George, Larry E. v. Bezy, Mark A.
UNPUBLISHED ORDER Not to be cited per Circuit Rule 53
United States Court of Appeals
For the Seventh Circuit Chicago, Illinois 60604
Submitted November 2, 2006* Decided November 8, 2006
Before Hon. WILLIAM J. BAUER, Circuit Judge Hon. FRANK H. EASTERBROOK, Circuit Judge Hon. DIANE P. WOOD, Circuit Judge
No. 06-1810 LARRY E. GEORGE, Petitioner-Appellant, v. MARK A. BEZY, Warden, United States Penitentiary, Terre Haute, Indiana, Respondent-Appellee. Order Larry George, who is in federal prison for bank robbery, contends in this action under 28 U.S.C. §2241 that his sentence has expired and that he is entitled to release. The sentence has expired, according to George, because the Bureau of Prisons misunderstood its relation to a state sentence for aggravated assault. George insists that the two sentences should have been treated as concurrent; if that is so, then the federal sentence has been served. The district court denied George's petition in July 2005, and he did not appeal. Seven months later George filed a motion for relief under Fed. R. Civ. P. 60(b), and he has appealed from the order denying that motion. His brief treats a Rule 60(b) Appeal from the United States District Court for the Southern District of Indiana, Terre Haute Division. No. 2:05-cv-168-RLY-WGH Richard L. Young, Judge.
* After examining the briefs and the record, we have concluded that oral argument is unnecessary, and the appeal is submitted on the briefs and the record. See Fed. R. App. P. 34(a); Cir. R. 34(f).
motion as a means of obtaining belated appellate review of the original order. It is not. The order of July 2005 is no longer open to appeal; the only order before us is that of March 2006 denying the post-judgment motion. And only extraordinary circumstances justify relief under Rule 60(b). See, e.g., Gonzalez v. Crosby, 545 U.S. 524, 125 S. Ct. 2641, 265051 (2005). George does not contend that such circumstances exist. He has offered some new arguments, but they come too late. George maintains that there is "newly discovered evidence," but what he calls "newly discovered" are events that occurred before the §2241 proceeding got under way. His argument is that the state court did not acquire personal jurisdiction through a properly issued writ of habeas corpus ad prosequendum. Whether such a writ was issued is something that George could have found out long ago, had he made diligent inquiry. It turns out at all events that the premise of the Rule 60(b) motion is false. George attached to his brief a copy of the supposedly nonexistent writ. The district judge did not abuse his discretion in declining to reconsider the decision of July 2005. AFFIRMED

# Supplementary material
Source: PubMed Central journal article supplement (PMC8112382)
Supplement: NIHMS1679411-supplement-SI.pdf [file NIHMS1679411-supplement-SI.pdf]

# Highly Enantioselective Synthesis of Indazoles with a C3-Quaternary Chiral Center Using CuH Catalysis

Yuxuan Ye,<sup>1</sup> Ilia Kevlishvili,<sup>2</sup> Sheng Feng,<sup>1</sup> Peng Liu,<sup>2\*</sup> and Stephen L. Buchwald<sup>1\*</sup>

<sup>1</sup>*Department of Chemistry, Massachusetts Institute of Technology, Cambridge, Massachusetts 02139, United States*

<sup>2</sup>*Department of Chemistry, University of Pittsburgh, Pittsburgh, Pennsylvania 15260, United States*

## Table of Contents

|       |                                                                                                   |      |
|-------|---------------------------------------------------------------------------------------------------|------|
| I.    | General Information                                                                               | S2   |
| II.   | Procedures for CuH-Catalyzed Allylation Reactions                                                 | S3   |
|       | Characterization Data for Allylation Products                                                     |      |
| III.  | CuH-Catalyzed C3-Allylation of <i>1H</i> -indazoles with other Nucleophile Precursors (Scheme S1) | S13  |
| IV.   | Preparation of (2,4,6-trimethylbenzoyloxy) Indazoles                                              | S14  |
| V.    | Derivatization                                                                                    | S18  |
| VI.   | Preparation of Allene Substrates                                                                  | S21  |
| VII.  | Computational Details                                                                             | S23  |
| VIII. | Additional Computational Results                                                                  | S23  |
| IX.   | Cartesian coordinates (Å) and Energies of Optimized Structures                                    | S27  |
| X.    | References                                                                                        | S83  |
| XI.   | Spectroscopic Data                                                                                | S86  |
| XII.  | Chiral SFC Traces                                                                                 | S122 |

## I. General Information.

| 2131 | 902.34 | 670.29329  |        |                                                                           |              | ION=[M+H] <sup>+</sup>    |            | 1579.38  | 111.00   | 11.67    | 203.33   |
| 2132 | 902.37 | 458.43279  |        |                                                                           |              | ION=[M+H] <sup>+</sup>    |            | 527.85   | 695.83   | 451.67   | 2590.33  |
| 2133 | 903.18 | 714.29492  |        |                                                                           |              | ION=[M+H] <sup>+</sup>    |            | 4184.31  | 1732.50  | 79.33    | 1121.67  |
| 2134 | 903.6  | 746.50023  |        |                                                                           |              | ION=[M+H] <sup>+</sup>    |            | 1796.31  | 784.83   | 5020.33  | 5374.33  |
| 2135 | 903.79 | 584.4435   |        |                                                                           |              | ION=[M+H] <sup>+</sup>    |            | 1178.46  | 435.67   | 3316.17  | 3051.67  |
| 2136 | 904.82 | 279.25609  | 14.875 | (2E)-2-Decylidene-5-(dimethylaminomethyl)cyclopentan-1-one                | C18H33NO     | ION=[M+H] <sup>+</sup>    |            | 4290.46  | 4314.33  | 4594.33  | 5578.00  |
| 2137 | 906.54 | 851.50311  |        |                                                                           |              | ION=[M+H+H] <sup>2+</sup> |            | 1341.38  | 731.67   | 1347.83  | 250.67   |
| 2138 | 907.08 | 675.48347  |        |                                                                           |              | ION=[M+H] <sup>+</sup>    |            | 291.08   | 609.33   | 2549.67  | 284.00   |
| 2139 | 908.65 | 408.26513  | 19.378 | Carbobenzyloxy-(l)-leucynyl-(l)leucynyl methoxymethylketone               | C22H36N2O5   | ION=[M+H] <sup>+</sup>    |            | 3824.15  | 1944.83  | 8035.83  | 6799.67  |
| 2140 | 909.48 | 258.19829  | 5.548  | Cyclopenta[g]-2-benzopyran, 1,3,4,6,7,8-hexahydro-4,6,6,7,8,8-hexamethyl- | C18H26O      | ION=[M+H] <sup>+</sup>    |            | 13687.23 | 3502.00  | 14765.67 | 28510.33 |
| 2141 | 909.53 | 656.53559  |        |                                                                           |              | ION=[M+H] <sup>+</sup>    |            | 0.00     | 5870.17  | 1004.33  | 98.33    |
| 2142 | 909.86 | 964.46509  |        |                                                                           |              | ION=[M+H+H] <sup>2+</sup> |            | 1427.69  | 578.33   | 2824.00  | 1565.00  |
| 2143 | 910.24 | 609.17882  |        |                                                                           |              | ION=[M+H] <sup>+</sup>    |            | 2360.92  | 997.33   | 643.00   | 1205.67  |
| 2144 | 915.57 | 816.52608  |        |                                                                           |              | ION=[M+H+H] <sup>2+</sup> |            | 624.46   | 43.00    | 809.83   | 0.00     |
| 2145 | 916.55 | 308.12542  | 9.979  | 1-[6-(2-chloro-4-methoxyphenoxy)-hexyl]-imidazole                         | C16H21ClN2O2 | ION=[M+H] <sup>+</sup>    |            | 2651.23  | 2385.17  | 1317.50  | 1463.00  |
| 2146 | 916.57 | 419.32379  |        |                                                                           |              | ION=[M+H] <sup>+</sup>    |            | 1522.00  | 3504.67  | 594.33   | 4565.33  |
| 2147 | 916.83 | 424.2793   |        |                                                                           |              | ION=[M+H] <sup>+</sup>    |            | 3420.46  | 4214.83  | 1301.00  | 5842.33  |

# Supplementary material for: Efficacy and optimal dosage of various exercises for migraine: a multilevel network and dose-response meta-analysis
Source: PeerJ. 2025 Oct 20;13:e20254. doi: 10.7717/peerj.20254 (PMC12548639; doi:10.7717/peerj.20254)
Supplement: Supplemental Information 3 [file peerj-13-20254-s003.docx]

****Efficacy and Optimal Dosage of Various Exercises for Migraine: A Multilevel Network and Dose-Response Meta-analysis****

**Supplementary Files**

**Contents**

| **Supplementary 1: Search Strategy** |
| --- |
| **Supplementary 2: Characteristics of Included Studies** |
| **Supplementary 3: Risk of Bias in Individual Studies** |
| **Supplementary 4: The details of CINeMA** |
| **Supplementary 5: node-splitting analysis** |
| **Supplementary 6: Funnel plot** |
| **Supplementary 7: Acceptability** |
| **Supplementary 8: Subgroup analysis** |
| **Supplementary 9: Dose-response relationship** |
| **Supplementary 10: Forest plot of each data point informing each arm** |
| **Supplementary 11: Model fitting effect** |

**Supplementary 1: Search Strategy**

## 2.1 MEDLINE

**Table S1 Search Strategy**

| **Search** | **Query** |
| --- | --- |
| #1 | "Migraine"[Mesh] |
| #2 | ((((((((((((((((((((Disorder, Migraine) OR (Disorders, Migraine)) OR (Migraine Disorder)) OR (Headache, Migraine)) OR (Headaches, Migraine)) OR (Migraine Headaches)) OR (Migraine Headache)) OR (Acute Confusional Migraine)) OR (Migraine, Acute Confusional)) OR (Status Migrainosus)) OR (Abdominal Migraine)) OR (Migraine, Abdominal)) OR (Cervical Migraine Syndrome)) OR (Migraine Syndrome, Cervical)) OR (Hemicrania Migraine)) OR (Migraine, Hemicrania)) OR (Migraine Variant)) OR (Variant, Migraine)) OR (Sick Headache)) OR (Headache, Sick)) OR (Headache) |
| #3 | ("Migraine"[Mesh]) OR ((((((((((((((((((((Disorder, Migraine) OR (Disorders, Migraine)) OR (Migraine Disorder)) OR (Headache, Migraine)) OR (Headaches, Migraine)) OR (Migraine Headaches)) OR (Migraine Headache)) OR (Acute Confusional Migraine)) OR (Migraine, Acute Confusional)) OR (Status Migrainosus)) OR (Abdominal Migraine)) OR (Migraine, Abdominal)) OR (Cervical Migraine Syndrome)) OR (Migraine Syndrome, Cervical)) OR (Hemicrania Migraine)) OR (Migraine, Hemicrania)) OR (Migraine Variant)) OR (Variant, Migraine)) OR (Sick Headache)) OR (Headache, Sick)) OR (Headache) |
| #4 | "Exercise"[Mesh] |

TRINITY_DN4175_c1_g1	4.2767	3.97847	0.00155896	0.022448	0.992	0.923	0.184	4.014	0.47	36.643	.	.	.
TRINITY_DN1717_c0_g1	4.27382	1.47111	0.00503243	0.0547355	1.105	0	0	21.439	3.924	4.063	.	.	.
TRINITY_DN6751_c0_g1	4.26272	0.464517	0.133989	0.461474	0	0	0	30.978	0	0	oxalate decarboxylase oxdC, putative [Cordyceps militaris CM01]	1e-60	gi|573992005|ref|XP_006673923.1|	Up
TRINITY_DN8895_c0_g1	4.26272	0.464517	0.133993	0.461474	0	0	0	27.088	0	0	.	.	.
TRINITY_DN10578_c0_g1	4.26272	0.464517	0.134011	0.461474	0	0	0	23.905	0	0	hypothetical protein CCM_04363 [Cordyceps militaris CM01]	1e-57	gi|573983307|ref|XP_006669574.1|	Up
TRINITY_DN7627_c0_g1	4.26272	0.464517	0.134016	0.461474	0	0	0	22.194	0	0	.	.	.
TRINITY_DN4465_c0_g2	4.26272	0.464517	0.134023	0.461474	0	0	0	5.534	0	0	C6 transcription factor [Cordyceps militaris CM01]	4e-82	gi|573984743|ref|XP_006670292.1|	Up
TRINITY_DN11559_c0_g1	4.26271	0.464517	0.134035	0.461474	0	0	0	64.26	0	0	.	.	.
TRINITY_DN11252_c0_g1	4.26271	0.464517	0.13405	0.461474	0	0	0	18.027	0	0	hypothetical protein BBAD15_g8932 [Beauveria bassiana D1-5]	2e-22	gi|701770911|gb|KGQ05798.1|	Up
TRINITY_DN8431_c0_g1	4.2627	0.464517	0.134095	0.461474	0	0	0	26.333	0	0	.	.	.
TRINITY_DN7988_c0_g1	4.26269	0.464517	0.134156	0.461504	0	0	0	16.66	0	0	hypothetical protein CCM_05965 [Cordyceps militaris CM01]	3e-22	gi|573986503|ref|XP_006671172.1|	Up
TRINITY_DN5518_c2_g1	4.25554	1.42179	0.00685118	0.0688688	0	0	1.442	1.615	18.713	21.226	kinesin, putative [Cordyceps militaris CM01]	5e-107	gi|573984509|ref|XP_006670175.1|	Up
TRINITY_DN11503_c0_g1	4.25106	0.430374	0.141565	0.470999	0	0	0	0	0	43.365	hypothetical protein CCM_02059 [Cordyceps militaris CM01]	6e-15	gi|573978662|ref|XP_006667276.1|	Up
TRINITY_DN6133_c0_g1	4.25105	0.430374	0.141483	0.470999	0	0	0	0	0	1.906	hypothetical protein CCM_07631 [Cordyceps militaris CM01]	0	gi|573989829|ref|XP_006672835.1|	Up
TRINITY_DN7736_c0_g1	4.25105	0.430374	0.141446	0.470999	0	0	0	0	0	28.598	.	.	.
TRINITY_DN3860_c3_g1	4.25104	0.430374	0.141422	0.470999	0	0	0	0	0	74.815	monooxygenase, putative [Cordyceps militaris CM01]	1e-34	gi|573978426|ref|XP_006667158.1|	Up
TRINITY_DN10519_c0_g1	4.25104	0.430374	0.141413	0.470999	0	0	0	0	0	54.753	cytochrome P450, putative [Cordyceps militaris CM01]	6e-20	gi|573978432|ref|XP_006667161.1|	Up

Disclaimer: Justia Dockets & Filings provides public litigation records from the federal appellate and district courts. These filings and docket sheets should not be considered findings of fact or liability, nor do they necessarily reflect the view of Justia.
Why Is My Information Online?